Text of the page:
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Top 10 Most-Shared Things From Upworthy's First Year

Upworthy launched on March 26, 2012, and it's been a crazy year!

Top 10 Most-Shared Things From Upworthy's First Year

1. Bully Calls News Anchor Fat, News Anchor Destroys Him On Live TV

Curated by Kaye Toal
4.19M views



2. Bullies Called Him Pork Chop. He Took That Pain With Him And Then Cooked It Into This.

Curated by Adam Mordecai
3.44M views


3. Mitt Romney Accidentally Confronts A Gay Veteran; Awesomeness Ensues

Curated by Mansur Gidfar
2.87M views


4. A Tea Partier Decided To Pick A Fight With A Foreign President. It Didn't Go So Well.

Curated by Mansur Gidfar
1.97M views


5. Move Over, Barbie — You’re Obsolete

Curated by Edwardo Jackson
1.59M views


6. 9 Out Of 10 Americans Are Completely Wrong About This Mind-Blowing Fact

Curated by Adam Mordecai
1.57M views


7. BOOM, ROASTED: Here's Why You Don't Ask A Feminist To Hawk Your Sexist Product

Curated by Rebecca Eisenberg
1.16M views


8. Some Strange Things Are Happening To Astronauts Returning To Earth

Curated by Adam Albright-Hanna 
1.13M views


9. Elizabeth Warren Asks The Most Obvious Question Ever And Stumps A Bunch Of Bank Regulators

Curated by Adam Mordecai 
1.13M views


10. If This Video Makes You Uncomfortable, Then You Make Me Uncomfortable

Curated by Rollie Williams
1.01M views


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When I found out I was pregnant in October 2018, I had planned to keep the news a secret from family for a little while — but my phone seemed to have other ideas.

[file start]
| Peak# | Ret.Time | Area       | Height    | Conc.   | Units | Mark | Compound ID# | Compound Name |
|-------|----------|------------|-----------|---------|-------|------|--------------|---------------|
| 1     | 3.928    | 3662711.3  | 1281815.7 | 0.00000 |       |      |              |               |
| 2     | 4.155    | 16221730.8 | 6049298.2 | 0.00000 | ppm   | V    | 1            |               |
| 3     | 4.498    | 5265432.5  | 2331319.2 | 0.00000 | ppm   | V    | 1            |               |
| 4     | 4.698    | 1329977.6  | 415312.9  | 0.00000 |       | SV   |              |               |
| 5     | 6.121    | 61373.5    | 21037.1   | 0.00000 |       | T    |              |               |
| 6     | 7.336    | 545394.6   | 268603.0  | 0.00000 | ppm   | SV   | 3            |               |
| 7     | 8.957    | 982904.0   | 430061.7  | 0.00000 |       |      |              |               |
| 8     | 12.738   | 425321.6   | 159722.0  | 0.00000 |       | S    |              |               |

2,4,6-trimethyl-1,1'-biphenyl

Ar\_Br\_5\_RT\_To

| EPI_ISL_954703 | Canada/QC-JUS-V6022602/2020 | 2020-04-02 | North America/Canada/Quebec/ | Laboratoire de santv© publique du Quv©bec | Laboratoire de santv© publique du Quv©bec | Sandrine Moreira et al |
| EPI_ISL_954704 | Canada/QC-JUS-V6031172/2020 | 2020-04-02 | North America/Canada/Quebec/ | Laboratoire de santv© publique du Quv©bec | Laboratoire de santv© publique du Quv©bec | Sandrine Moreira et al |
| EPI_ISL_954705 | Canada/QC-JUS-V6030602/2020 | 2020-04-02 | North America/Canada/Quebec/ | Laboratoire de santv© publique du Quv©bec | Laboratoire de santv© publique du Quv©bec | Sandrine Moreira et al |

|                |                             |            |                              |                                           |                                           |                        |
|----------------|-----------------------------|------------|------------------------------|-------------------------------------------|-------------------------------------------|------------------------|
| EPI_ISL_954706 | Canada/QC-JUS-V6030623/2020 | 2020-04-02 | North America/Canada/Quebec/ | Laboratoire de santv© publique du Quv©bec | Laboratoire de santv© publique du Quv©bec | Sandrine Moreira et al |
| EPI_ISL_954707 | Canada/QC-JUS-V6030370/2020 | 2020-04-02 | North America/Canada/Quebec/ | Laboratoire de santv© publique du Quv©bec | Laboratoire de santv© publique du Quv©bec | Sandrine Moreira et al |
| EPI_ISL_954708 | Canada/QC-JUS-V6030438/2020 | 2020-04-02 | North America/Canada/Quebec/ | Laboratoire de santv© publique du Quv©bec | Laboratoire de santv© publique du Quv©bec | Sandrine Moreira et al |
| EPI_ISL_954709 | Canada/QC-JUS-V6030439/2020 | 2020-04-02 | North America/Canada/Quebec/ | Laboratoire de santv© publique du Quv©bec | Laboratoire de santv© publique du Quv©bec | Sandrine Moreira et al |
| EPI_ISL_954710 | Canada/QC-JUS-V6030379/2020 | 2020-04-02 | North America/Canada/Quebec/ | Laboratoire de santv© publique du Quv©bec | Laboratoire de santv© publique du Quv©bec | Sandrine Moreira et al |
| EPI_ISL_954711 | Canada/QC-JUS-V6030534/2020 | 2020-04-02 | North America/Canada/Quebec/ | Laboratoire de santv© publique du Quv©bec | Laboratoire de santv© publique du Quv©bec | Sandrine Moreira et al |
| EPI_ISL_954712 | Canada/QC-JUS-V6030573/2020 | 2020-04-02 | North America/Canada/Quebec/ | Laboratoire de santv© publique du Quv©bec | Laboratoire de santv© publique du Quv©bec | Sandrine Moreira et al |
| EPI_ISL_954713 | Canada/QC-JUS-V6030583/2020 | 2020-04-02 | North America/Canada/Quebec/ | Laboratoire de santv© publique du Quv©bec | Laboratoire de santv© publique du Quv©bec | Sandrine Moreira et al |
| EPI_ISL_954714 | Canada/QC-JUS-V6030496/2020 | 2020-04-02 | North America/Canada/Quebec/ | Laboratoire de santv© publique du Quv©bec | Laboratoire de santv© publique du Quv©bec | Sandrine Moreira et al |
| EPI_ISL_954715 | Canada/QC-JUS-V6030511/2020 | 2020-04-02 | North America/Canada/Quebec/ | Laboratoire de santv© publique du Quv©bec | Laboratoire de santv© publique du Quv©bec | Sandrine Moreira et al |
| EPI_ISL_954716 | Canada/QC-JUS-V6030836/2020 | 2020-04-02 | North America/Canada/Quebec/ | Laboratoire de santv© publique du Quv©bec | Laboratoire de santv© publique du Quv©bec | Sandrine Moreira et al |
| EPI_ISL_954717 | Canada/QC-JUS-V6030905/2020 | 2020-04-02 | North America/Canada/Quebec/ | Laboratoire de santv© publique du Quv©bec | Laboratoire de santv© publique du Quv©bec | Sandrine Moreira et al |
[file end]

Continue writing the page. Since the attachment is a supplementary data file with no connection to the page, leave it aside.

Within just a few hours of finding out the news, I was being bombarded with ads for baby gear, baby clothes and diapers on Facebook, Instagram and pretty much any other site I visited — be it my phone or on my computer.

Good thing my family wasn't looking over my shoulder while I was on my phone or my secret would have been ruined.

I'm certainly not alone in feeling like online ads can read your mind.

When I started asking around, it seemed like everyone had their own similar story: Brian Kelleher told me that when he and his wife met, they started getting ads for wedding rings and bridal shops within just a few weeks. Tech blogger Snezhina Piskov told me that she started getting ads for pocket projectors after discussing them in Messenger with her colleagues. Meanwhile Lauren Foley, a writer, told me she started getting ads for Happy Socks after seeing one of their shops when she got off the bus one day.

When online advertising seems to know us this well, it begs the question: are our phones listening to us?

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Here we are, six months into the coronavirus pandemic, and people are tired. We're tired of social distancing, wearing masks, the economic uncertainty, the constant debates and denials, all of it.

But no one is more tired than the healthcare workers on the frontline. Those whom we celebrated and hailed as heroes months ago have largely been forgotten as news cycles shift and increased illness and death become "normal." But they're still there. They're still risking themselves to save others. And they've been at it for a long time.